LuvNuggets
Offline
74 posts
Reply
Re: Update: Miner Altercation. Not as justification for shooting, evidence of mo ( 07:30:09 MonApr 27 2009 )

Let me add an important note:

As a Life Member of the National Rifle Association, former Vice President of Spangdahlem IDPA, and licensed CCW,
I want to make sure every understands that the use of a firearm is a very serious life changing event.

To use a weapon to cause harm to another person must be within the legal definition of self-defense. The courts will look to see if the parties could have exercise an "avenue of flight or flee" before firing a weapon.

The miner will have to show fear of life in order to justify the use of shotgun. Just the posting of "No Trespassing or a Mining Claim" would not be justification to take a life.

IMHO
Rick:thankyou:
[1 edits; Last edit by LuvNuggets at 07:31:56 Mon Apr 27 2009]

  
Jim_Alaska
Offline
1928 posts
Administrator


Reply
Re: Update: Miner Altercation. Not as justification for shooting, evidence of mo ( 15:06:35 MonApr 27 2009 )

Thanks LUV, you are right on the money. Pulling a weapon on someone is about as serious as it gets, but shooting them.....well, you had better know the laws and even then you may get nailed by the law.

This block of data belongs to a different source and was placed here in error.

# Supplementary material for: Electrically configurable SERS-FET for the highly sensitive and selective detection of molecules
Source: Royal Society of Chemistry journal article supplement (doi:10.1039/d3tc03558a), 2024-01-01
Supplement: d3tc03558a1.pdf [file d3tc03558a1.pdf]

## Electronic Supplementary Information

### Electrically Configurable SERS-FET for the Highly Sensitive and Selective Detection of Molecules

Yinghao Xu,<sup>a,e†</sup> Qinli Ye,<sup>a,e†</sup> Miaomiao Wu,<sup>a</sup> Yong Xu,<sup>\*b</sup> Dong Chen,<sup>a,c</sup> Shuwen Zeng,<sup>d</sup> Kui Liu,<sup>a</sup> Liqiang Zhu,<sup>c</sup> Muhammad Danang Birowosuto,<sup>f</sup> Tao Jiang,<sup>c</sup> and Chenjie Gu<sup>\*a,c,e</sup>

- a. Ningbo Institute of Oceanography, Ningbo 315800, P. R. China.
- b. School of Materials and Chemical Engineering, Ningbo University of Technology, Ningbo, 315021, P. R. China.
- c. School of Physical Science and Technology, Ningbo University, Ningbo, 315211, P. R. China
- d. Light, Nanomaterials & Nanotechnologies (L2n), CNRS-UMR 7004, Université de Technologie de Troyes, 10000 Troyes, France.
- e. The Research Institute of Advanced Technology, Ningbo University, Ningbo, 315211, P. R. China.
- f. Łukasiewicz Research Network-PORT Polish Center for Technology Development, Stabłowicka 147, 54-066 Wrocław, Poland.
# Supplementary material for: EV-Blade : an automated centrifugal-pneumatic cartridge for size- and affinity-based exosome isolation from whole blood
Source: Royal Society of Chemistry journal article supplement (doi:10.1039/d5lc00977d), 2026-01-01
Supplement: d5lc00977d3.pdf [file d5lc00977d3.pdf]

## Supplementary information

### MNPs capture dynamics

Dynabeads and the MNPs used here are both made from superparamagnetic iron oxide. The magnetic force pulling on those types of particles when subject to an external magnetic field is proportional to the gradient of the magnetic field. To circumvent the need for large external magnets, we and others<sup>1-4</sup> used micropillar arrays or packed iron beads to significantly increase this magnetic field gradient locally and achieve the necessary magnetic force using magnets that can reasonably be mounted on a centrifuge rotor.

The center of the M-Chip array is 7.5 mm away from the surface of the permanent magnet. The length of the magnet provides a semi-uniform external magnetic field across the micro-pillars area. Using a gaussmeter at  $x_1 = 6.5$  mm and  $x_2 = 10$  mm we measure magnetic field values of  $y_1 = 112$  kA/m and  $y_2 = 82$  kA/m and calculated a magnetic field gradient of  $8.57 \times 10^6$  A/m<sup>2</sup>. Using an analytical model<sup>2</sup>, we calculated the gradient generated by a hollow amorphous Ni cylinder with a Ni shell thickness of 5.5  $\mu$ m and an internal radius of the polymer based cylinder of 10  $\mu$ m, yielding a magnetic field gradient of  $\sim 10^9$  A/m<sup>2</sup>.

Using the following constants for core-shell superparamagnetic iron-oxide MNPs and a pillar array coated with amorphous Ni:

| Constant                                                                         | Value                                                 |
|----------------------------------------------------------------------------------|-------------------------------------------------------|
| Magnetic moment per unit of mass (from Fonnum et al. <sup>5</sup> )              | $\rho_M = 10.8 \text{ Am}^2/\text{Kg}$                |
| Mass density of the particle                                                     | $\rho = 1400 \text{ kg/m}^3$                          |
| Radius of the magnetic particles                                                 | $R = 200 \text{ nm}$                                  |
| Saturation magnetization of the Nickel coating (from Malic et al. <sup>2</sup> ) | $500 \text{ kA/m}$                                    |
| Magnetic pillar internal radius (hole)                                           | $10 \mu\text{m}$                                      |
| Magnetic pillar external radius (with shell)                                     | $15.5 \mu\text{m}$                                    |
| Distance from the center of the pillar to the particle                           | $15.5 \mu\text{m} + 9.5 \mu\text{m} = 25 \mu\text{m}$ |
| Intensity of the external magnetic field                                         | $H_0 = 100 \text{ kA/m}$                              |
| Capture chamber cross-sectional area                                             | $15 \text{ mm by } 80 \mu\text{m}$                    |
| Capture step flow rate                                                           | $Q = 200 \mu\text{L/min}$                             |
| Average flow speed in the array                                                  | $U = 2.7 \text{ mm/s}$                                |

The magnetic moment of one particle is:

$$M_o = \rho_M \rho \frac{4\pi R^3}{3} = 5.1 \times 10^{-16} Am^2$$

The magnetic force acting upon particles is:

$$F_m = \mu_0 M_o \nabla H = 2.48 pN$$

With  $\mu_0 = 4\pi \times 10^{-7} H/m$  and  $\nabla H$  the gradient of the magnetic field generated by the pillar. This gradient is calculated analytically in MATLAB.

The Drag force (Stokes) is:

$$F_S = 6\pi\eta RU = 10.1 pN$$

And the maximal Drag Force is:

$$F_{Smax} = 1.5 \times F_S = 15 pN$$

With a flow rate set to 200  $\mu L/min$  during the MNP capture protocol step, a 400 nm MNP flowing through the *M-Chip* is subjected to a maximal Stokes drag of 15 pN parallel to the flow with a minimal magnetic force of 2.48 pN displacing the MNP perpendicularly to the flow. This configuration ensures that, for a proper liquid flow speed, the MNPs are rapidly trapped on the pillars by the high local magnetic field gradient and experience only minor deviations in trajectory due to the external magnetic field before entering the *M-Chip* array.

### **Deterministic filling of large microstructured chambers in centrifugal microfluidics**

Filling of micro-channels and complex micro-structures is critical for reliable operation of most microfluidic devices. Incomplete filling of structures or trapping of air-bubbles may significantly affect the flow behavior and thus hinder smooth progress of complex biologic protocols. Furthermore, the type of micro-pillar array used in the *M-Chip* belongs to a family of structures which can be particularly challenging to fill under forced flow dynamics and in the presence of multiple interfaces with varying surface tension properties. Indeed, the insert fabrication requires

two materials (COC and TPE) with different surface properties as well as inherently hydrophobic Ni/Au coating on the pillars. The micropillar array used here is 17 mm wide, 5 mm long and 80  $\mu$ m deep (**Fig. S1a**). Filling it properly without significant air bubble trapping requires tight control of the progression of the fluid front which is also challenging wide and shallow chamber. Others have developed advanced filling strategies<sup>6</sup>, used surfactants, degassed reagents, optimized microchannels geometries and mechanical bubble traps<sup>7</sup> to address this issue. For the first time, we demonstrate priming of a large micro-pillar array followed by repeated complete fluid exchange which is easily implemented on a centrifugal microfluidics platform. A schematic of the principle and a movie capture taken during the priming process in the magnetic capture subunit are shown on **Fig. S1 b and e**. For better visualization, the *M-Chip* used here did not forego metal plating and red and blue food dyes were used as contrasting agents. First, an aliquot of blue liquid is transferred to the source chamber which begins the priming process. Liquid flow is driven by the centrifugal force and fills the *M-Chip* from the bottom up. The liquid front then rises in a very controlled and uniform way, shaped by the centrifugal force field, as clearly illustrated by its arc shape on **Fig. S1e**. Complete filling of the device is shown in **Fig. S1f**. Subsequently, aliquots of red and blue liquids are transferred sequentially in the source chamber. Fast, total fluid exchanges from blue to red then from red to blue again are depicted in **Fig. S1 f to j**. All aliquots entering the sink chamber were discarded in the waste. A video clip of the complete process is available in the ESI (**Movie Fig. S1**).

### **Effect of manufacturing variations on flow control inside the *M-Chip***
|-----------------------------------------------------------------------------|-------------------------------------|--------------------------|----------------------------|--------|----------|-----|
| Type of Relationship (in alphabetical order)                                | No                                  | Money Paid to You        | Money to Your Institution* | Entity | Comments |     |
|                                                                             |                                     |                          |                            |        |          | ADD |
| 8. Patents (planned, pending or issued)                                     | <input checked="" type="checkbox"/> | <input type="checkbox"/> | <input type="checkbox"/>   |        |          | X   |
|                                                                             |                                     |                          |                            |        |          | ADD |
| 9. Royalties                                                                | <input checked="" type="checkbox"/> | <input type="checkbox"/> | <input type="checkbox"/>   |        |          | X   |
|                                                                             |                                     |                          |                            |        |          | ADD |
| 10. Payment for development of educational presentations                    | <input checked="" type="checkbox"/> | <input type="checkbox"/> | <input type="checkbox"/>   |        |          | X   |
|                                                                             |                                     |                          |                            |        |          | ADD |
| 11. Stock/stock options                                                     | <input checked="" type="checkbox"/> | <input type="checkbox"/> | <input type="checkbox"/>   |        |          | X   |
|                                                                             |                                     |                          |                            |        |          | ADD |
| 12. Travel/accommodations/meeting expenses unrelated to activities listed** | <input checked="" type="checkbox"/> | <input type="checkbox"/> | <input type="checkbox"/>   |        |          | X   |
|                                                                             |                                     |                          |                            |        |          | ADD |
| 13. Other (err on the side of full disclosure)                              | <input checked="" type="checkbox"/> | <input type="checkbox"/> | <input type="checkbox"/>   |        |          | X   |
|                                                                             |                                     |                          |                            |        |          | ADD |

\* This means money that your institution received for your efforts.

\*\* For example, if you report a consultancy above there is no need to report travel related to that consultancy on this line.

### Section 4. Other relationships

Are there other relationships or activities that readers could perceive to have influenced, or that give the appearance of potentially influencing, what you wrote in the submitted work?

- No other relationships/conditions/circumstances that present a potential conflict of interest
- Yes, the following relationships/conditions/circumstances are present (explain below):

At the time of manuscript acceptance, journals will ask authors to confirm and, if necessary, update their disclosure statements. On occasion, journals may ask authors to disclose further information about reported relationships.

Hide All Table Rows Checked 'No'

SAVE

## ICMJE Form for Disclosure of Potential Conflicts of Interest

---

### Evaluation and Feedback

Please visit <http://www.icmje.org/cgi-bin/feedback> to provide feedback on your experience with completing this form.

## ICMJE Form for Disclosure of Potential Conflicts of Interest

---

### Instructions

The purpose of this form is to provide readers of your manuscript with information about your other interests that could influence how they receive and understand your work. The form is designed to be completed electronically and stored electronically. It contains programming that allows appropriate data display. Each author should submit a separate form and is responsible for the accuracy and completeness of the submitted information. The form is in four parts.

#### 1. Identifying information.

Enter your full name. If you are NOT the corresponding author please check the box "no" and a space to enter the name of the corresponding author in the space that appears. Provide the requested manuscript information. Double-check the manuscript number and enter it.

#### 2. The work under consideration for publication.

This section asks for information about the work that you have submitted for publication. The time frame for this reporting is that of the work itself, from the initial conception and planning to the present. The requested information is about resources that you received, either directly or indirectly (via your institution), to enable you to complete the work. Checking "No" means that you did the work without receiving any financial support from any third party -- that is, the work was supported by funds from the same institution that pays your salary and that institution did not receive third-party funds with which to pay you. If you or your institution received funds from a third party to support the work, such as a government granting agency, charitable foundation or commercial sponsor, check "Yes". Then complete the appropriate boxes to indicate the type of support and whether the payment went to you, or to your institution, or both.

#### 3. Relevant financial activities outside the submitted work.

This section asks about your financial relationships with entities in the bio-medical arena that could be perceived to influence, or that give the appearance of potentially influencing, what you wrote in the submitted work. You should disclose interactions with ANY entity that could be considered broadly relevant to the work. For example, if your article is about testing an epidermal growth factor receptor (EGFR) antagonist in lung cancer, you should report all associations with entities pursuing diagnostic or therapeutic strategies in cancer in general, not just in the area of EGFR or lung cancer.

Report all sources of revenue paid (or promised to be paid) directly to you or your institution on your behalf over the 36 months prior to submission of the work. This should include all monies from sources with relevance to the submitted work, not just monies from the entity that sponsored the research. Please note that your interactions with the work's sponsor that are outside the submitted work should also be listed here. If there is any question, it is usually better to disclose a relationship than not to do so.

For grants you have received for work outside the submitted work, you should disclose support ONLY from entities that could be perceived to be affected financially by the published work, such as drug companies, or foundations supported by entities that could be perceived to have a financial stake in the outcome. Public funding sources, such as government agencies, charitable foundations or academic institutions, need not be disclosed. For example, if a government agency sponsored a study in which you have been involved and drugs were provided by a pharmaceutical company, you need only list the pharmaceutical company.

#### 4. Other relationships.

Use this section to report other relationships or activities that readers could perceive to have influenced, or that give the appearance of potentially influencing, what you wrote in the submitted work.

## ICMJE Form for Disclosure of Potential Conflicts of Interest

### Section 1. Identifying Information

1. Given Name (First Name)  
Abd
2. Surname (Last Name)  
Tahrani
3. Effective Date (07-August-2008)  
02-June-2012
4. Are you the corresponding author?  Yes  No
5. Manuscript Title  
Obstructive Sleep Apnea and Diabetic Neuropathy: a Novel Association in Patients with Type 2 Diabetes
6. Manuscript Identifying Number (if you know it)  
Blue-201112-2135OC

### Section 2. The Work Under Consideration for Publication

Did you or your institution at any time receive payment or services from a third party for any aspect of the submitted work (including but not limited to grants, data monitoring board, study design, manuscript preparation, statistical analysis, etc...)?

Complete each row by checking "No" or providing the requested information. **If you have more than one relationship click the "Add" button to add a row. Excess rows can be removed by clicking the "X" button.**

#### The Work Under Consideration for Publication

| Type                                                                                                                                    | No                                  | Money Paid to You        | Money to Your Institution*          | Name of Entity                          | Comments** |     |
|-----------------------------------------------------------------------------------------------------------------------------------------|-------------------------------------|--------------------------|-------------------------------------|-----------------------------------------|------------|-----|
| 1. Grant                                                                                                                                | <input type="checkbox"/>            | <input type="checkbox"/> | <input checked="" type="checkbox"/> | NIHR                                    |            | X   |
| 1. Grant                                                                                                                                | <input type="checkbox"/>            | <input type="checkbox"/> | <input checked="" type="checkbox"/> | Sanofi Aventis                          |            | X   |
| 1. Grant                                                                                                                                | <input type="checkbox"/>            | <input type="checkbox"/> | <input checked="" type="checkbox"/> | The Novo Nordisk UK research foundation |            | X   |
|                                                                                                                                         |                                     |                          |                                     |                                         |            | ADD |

---
Jim (Alaska)
Administrator
Jim Foley's Alaska
jfoley@sisqtel.net
 
 
Mineral_Estate_Grantee
Offline
523 posts
Reply
Re: Update: Miner Altercation. Not as justification for shooting, evidence of mo ( 15:42:45 FriMay 1 2009 )

Note: For those of you wishing to keep abreast of matters pertaining, of similar comments, questions and concerns in this Thread, I have posted a response to LipCa and others on the Alaska Gold Forum Forum...link: http://bb.bbboy.net/alaskagoldforum-viewthread?forum=2&thread=795&postnum=60

Thanks LipCa, for the opportunity....I still owe chickengold a bit more of an answer but let Me take yours, it ought to be a bit easier to explain to show you there is a difference in the designations, even if they are made up, like "BLM Land."

I've got to go quickly here because of other pressing matters, so I'll speak in generalities. Any specifics I'd have to deal with separately with more info. These generalities can be further defined by statute and you have to look to those and read them very carefully.

But for our case here "public domain" is not actually the same as "public land".